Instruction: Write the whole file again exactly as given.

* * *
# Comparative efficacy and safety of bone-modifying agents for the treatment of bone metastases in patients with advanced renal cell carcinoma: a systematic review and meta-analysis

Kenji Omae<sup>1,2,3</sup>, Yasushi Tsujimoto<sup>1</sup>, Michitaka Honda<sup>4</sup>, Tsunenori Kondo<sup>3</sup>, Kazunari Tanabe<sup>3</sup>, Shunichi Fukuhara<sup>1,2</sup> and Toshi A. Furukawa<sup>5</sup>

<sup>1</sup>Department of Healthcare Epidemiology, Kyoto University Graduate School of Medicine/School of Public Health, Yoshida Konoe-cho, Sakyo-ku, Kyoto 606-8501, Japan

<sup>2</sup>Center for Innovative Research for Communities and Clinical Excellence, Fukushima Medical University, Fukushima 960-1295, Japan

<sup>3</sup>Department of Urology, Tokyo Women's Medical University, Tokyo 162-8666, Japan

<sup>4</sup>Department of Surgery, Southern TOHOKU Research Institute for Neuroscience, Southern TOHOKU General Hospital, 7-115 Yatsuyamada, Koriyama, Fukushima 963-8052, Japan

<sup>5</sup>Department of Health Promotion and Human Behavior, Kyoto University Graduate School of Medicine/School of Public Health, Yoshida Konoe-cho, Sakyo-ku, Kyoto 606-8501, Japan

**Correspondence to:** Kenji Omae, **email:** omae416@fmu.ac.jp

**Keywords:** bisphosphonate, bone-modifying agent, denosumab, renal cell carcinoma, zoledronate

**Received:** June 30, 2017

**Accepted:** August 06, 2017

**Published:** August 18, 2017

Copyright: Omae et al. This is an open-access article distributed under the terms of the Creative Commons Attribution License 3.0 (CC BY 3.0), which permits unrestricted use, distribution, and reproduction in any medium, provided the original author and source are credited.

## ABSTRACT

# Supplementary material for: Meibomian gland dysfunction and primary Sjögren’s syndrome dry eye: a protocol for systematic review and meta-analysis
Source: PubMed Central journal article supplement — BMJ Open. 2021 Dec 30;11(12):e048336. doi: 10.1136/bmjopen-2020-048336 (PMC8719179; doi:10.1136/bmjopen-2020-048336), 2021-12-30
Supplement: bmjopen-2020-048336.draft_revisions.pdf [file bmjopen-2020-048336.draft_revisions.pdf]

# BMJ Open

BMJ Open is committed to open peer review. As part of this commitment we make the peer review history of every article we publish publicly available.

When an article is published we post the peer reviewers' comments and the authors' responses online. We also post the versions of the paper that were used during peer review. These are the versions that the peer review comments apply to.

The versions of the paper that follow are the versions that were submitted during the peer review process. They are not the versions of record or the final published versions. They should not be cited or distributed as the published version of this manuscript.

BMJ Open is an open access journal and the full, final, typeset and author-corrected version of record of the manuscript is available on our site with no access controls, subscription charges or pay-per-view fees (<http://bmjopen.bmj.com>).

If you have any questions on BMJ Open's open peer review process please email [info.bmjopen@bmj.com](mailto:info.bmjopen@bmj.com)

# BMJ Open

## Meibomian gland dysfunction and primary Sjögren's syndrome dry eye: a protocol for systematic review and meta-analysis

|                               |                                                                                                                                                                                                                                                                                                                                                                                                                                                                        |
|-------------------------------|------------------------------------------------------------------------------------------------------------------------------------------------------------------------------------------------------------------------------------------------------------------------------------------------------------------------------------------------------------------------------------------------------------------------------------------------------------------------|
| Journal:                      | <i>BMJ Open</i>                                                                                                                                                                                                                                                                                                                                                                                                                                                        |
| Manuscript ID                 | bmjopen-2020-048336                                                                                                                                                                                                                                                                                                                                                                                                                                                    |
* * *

# Comparative efficacy and safety of bone-modifying agents for the treatment of bone metastases in patients with advanced renal cell carcinoma: a systematic review and meta-analysis

Kenji Omae<sup>1,2,3</sup>, Yasushi Tsujimoto<sup>1</sup>, Michitaka Honda<sup>4</sup>, Tsunenori Kondo<sup>3</sup>, Kazunari Tanabe<sup>3</sup>, Shunichi Fukuhara<sup>1,2</sup> and Toshi A. Furukawa<sup>5</sup>

<sup>1</sup>Department of Healthcare Epidemiology, Kyoto University Graduate School of Medicine/School of Public Health, Yoshida Konoe-cho, Sakyo-ku, Kyoto 606-8501, Japan

<sup>2</sup>Center for Innovative Research for Communities and Clinical Excellence, Fukushima Medical University, Fukushima 960-1295, Japan

<sup>3</sup>Department of Urology, Tokyo Women's Medical University, Tokyo 162-8666, Japan

<sup>4</sup>Department of Surgery, Southern TOHOKU Research Institute for Neuroscience, Southern TOHOKU General Hospital, 7-115 Yatsuyamada, Koriyama, Fukushima 963-8052, Japan

<sup>5</sup>Department of Health Promotion and Human Behavior, Kyoto University Graduate School of Medicine/School of Public Health, Yoshida Konoe-cho, Sakyo-ku, Kyoto 606-8501, Japan

**Correspondence to:** Kenji Omae, **email:** omae416@fmu.ac.jp

**Keywords:** bisphosphonate, bone-modifying agent, denosumab, renal cell carcinoma, zoledronate

**Received:** June 30, 2017

**Accepted:** August 06, 2017

**Published:** August 18, 2017

Copyright: Omae et al. This is an open-access article distributed under the terms of the Creative Commons Attribution License 3.0 (CC BY 3.0), which permits unrestricted use, distribution, and reproduction in any medium, provided the original author and source are credited.

## ABSTRACT

# Supplementary material for: Meibomian gland dysfunction and primary Sjögren’s syndrome dry eye: a protocol for systematic review and meta-analysis
Source: PubMed Central journal article supplement — BMJ Open. 2021 Dec 30;11(12):e048336. doi: 10.1136/bmjopen-2020-048336 (PMC8719179; doi:10.1136/bmjopen-2020-048336), 2021-12-30
Supplement: bmjopen-2020-048336.draft_revisions.pdf [file bmjopen-2020-048336.draft_revisions.pdf]

# BMJ Open

BMJ Open is committed to open peer review. As part of this commitment we make the peer review history of every article we publish publicly available.

When an article is published we post the peer reviewers' comments and the authors' responses online. We also post the versions of the paper that were used during peer review. These are the versions that the peer review comments apply to.

The versions of the paper that follow are the versions that were submitted during the peer review process. They are not the versions of record or the final published versions. They should not be cited or distributed as the published version of this manuscript.

BMJ Open is an open access journal and the full, final, typeset and author-corrected version of record of the manuscript is available on our site with no access controls, subscription charges or pay-per-view fees (<http://bmjopen.bmj.com>).

If you have any questions on BMJ Open's open peer review process please email [info.bmjopen@bmj.com](mailto:info.bmjopen@bmj.com)

# BMJ Open

## Meibomian gland dysfunction and primary Sjögren's syndrome dry eye: a protocol for systematic review and meta-analysis

|                               |                                                                                                                                                                                                                                                                                                                                                                                                                                                                        |
|-------------------------------|------------------------------------------------------------------------------------------------------------------------------------------------------------------------------------------------------------------------------------------------------------------------------------------------------------------------------------------------------------------------------------------------------------------------------------------------------------------------|
| Journal:                      | <i>BMJ Open</i>                                                                                                                                                                                                                                                                                                                                                                                                                                                        |
| Manuscript ID                 | bmjopen-2020-048336                                                                                                                                                                                                                                                                                                                                                                                                                                                    |